A generally-held if unproved view of Alzheimer's Disease is that the brain changes and dementia result from toxic effects of an abnormal protein, called amyloid, which is a polymer of a small fragment (A-beta) of a protein (APP) that is produced normally in all cells. Hence a major goal of researchers hoping to treat this disease is to find drugs that will decrease the formation of A-beta from APP, and increase the production of APP's other major metabolite APPs ("soluble APP"). We have shown that the synthesis of APP, and the proportions of this protein that are broken down to A-beta or to soluble APP, are under the control of particular neurotransmitters and the "second messengers" they generate. For example, the neurotransmitters acetylcholine, serotonin, and glutamate act via particular receptors, and the second messenger diacylglycerol, to promote the breakdown of APP to soluble APP, and to suppress its breakdown to A-beta. In contrast norepinephrine and prostaglandins, acting by some of their receptors and the second messenger cyclic AMP, promote the synthesis of the APP molecule. Thus, using drugs that act on these receptors, it should be possible to block the formation of APP and all its metabolite, or promote the formation of soluble APP and suppress that of A-beta (and amyloid). This has now been demonstrated in tissue culture, and is in the process of being demonstrated in animal models of Alzheimer's Disease. The next step will involve transferring these technologies to come up with an effective treatment for diminishing the amount of amyloid in the Alzheimer's Disease brain. Conceivably, this may ameliorate the dementia of the disease.

Precursor Control of Brain Phospholipid Synthesis
Over the years we have found that the rates at which brain cells produce a number of important compounds, for example the neurotransmitters serotonin, dopamine, and acetylcholine - normally depend on brain concentrations of their precursors (tryptophan, tyrosine, and choline). It now appears that the syntheses of phosphatidylcholine and certain other membrane phospholipids also depend on precursor availability. The main precursor is cytidine, a compound that is not present in the final phospholipid product, but which, when phosphorylated to CTP, controls a key step in phospholipid synthesis (i.e., the combining of phosphocholine and CTP to form endogenous cytidyldiphosphocholine [CDP-choline]). When neurons are stimulated to produce neurites, for example by exposing them, in culture, to Nerve Growth Factor, another precursor- diacylglycerol-can also become limiting in phosphatide synthesis.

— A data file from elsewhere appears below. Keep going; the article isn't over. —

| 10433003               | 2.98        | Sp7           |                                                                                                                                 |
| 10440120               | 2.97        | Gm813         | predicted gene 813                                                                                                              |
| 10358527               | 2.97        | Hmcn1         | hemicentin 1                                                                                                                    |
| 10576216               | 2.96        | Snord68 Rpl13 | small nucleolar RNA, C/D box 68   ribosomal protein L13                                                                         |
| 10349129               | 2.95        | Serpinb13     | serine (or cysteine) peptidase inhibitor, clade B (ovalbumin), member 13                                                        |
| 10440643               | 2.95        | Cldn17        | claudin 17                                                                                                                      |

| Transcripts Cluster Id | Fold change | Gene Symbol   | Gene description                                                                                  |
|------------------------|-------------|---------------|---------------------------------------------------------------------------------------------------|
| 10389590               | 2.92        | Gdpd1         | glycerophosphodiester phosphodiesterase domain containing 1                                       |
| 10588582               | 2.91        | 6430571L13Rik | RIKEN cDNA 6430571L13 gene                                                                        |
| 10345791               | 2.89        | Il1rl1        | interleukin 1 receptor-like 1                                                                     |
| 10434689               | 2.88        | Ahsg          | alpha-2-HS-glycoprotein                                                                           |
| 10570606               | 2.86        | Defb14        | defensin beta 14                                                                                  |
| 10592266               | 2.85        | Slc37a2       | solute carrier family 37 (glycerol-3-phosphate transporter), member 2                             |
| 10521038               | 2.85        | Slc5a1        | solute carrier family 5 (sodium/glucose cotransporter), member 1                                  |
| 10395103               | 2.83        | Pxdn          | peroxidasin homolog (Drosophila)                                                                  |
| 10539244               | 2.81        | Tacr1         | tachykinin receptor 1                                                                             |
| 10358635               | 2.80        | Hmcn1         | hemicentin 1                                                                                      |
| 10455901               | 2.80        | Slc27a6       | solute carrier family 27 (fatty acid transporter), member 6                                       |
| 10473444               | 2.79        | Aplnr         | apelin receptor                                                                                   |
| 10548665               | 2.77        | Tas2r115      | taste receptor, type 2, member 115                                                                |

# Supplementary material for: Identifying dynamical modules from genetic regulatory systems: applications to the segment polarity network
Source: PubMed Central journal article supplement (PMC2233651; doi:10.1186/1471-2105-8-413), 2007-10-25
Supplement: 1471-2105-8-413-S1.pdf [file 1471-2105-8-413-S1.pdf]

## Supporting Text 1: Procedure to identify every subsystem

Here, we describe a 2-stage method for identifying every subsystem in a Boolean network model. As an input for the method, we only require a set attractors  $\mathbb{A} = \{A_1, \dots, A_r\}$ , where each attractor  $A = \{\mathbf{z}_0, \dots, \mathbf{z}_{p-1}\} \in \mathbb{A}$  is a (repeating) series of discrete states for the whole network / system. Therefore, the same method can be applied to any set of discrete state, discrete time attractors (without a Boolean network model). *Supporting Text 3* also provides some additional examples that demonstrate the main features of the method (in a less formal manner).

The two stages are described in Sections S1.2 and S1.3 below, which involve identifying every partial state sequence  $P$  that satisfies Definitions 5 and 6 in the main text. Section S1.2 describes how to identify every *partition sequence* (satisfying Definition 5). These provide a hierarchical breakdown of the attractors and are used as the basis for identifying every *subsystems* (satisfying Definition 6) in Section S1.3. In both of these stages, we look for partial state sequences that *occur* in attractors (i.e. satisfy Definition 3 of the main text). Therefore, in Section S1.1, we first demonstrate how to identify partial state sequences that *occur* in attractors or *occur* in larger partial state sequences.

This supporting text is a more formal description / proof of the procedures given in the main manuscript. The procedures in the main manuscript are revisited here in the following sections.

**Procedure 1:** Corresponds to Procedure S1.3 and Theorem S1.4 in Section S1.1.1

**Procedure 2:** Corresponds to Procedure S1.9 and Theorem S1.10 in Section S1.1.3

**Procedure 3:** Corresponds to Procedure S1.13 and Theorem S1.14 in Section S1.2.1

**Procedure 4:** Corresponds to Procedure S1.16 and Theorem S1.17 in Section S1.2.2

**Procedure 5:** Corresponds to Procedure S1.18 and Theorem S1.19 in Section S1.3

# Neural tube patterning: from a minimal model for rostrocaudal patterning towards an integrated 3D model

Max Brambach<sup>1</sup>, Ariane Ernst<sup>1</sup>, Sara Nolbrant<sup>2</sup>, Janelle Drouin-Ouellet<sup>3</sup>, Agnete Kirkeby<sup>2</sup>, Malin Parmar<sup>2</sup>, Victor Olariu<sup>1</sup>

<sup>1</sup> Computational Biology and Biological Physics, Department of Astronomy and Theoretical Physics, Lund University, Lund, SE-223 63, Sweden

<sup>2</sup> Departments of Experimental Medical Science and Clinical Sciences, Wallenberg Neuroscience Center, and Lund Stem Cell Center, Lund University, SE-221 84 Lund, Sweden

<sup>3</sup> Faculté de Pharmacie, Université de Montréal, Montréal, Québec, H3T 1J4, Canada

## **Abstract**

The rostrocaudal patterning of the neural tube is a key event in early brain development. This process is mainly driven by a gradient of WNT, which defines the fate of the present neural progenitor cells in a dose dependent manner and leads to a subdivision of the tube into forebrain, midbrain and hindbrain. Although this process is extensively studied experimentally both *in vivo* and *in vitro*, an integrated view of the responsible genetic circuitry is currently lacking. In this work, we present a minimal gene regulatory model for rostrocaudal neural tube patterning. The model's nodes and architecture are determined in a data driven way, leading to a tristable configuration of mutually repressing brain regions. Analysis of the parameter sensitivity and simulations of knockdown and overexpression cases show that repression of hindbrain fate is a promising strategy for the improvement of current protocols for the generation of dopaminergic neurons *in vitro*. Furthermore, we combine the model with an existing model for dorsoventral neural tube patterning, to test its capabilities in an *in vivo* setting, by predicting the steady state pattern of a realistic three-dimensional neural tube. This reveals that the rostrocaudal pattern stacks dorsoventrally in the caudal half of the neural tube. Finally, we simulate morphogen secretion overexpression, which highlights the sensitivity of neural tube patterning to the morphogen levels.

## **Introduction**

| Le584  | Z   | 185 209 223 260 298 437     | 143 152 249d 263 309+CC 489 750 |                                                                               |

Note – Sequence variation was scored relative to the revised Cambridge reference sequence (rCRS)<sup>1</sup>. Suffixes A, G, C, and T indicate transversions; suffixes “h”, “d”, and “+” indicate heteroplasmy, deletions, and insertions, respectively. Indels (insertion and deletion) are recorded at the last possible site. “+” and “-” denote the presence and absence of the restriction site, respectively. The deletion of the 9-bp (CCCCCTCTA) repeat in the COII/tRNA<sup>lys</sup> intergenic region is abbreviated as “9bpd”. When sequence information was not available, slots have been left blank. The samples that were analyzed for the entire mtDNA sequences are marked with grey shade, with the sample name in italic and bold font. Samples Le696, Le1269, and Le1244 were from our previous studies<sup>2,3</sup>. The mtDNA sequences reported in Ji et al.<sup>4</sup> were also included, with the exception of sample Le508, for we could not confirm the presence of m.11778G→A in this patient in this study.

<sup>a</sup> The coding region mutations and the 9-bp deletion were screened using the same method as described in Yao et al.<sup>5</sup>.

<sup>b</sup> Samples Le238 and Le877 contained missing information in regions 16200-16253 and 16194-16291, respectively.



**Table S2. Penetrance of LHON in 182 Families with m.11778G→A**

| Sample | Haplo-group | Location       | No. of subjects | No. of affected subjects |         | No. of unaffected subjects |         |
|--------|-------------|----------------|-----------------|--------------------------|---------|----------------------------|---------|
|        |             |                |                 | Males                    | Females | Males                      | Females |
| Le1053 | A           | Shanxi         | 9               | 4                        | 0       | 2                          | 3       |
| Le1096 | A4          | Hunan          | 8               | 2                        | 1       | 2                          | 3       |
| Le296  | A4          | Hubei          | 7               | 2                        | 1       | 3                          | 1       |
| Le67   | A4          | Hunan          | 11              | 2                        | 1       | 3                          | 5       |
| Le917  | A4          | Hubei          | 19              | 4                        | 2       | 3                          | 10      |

These observations have led to a possible new drug for strokes and brain injury. Goals of treating these conditions include a) diminishing the ultimate size of the damaged area (which usually expands during the initial week after the stroke, because of the release of toxic compounds, like arachidonic acid oxidation products from nearly dying cells), and b) facilitating the regrowth of damaged axons and synapses by surviving neurons. Both can be obtained by giving a drug, Citicoline, that breaks down to choline and cytidine, and thereby increases CTP and phosphocholine levels in the brain. Current studies show that Citicoline-again acting via choline and cytidine-also increases the production of soluble APP, which is believed to enhance neurite outgrowth. Citicoline is currently in what may be the final phases of testing to become a recognized treatment for stroke.

Neurochemical Mechanisms Underlying Cocaine Dependence
The actions of cocaine, and the development of dependence on this drug, have generally been thought to be mediated by increased intrasynaptic levels of brain dopamine. We suspect that a relative serotonin deficiency may also be involved, particularly in the depression that often develops following cocaine withdrawal. We now find that cocaine-withdrawn rats exhibit a "carbohydrate-craving" (i.e., they chose to eat relatively large quantifies of carbohydrates - which, in turn, are known to raise brain serotonin levels); moreover drugs that selectively enhance serotonin-mediated neurotransmission diminish the depressive manifestations of cocaine withdrawal.

Recent Work